Corruption also has national security implications.
The Australian Crime Commission’s 2011 report Organised
Crime in Australia analysed the international convergence of
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corruption, political instability and violent extremism.
The interdependence of corruption and organised crime
provides an enabling environment for moving and
exchanging drugs, arms, people, stolen or pirated goods
and for funding criminal and extremist activities.
The Crime Commission’s report also found that states with
high levels of corruption feature prominently among failed,
failing and rogue states ― and that such states are a
breeding ground for both transnational organised crime and
The Global Financial Crisis is yet another driver of
international anti-corruption efforts.
By placing further strain on government budgets, the
financial crisis confirmed the need to protect developing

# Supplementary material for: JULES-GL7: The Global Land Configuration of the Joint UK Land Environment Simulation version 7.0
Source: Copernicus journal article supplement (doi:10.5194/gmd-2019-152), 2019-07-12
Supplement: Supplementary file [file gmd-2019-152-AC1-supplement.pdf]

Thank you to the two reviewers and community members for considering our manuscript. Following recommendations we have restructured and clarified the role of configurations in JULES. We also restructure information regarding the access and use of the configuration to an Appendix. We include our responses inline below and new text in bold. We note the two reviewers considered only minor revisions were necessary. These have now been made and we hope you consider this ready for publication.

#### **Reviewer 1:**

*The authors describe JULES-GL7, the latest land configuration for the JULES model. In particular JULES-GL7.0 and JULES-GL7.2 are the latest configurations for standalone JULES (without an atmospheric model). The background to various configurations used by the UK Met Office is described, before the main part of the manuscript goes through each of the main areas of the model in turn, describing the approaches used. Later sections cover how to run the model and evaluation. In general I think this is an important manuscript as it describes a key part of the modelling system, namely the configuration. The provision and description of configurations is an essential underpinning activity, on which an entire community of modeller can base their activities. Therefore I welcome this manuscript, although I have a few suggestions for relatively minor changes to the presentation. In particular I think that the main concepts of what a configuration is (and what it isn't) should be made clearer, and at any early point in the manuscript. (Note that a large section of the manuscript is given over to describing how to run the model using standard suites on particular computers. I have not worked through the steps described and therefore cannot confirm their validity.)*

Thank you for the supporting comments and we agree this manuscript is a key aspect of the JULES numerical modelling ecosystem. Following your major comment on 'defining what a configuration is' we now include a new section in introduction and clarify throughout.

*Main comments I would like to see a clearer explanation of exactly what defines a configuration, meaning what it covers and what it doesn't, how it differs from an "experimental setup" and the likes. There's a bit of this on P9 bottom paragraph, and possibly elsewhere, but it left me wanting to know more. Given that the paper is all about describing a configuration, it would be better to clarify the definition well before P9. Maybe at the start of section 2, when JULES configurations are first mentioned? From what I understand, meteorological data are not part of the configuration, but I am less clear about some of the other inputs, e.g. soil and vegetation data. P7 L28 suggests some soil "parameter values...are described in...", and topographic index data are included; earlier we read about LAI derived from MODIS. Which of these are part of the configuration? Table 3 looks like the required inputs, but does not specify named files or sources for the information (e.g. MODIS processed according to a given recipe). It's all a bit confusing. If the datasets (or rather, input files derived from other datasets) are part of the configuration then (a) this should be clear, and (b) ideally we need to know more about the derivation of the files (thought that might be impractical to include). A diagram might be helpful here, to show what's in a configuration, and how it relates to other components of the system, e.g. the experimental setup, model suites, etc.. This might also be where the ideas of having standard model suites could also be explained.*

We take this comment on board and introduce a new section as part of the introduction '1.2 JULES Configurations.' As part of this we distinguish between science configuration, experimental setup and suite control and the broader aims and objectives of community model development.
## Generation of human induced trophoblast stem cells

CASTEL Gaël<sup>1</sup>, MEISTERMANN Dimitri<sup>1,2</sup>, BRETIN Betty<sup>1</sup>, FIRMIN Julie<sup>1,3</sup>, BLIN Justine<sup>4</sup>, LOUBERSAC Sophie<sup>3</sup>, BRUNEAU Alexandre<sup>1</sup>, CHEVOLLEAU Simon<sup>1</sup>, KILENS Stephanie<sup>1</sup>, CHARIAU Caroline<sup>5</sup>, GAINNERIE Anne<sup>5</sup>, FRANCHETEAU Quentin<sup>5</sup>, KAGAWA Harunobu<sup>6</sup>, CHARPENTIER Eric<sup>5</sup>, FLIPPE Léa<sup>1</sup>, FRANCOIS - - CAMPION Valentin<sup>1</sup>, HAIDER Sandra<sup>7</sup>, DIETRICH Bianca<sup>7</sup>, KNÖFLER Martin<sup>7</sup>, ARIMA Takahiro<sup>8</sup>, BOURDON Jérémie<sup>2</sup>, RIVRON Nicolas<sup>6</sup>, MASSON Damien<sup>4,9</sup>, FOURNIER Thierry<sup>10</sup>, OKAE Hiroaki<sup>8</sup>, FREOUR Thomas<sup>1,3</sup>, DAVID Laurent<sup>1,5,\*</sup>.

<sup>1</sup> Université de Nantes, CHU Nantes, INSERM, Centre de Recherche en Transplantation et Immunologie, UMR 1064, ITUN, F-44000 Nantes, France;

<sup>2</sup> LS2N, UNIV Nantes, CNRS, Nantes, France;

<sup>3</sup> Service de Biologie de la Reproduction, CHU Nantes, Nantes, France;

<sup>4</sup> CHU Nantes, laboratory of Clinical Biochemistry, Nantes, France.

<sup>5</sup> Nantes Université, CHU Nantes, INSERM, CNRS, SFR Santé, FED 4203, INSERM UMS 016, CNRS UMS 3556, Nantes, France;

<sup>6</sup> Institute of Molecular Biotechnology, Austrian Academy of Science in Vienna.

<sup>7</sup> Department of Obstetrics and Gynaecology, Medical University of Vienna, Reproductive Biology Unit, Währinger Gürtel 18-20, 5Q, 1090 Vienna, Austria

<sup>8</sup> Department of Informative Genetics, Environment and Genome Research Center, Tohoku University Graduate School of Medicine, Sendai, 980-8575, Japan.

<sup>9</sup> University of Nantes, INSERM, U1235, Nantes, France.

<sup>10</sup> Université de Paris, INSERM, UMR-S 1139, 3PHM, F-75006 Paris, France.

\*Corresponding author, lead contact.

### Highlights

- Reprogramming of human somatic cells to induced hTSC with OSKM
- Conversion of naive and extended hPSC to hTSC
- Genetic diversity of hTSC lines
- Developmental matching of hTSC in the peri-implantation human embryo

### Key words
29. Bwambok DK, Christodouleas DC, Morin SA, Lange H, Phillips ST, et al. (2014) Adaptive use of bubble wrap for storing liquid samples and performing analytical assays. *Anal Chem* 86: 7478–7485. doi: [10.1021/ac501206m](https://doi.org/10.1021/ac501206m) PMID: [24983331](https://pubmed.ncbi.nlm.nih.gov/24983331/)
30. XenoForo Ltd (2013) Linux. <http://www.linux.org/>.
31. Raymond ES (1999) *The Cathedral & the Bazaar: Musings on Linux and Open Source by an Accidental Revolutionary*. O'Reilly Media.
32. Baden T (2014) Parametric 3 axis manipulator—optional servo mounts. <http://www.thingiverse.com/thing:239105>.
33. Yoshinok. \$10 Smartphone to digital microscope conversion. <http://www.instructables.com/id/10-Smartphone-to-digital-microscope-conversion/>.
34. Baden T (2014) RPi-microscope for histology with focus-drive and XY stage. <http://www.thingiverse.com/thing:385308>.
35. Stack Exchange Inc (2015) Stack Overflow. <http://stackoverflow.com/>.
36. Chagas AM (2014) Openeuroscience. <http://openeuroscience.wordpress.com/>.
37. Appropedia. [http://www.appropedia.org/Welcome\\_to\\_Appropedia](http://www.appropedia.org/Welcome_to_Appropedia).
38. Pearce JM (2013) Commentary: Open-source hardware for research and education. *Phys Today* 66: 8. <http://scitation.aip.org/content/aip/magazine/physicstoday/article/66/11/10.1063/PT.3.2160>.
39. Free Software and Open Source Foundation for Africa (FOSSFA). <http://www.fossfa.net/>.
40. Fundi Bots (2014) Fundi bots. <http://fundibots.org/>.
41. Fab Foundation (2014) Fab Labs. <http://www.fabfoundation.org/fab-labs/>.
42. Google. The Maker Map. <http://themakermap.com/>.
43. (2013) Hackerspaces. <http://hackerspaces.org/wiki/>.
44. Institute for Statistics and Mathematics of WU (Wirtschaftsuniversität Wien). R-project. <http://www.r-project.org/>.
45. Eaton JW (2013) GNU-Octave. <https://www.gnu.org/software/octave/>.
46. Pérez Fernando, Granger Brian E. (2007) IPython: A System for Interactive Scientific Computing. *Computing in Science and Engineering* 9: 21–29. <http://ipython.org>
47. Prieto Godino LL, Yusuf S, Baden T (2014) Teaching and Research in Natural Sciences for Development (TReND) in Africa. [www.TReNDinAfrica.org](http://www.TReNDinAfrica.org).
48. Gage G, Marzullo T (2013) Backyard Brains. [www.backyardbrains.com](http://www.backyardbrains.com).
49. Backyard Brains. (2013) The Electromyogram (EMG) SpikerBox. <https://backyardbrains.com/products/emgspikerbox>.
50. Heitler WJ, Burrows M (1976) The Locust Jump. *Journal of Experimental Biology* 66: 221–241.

country budgets, and the global financial system, from
abuse by corrupt leaders and officials.
The crisis prompted G20 Leaders to create an Anti-
Corruption Working Group, with an ambitious work plan.
The G20 plan includes stronger measures to prevent
corruption-related money laundering, stronger international
legal cooperation, and denial of visas and safe haven to
G20 Leaders also persuaded international organisations to
increase their focus on anti corruption efforts, particularly
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the Financial Action Task Force and the OECD.
The National Anti-Corruption Plan will outline Australia’s
efforts to disrupt international corruption, including how
Australia will meet its obligations under the G20 Anti-
Corruption Action Plan.
[Domestic policy developments]
While Transparency International consistently rates
Australia as one of the ten least corrupt countries in the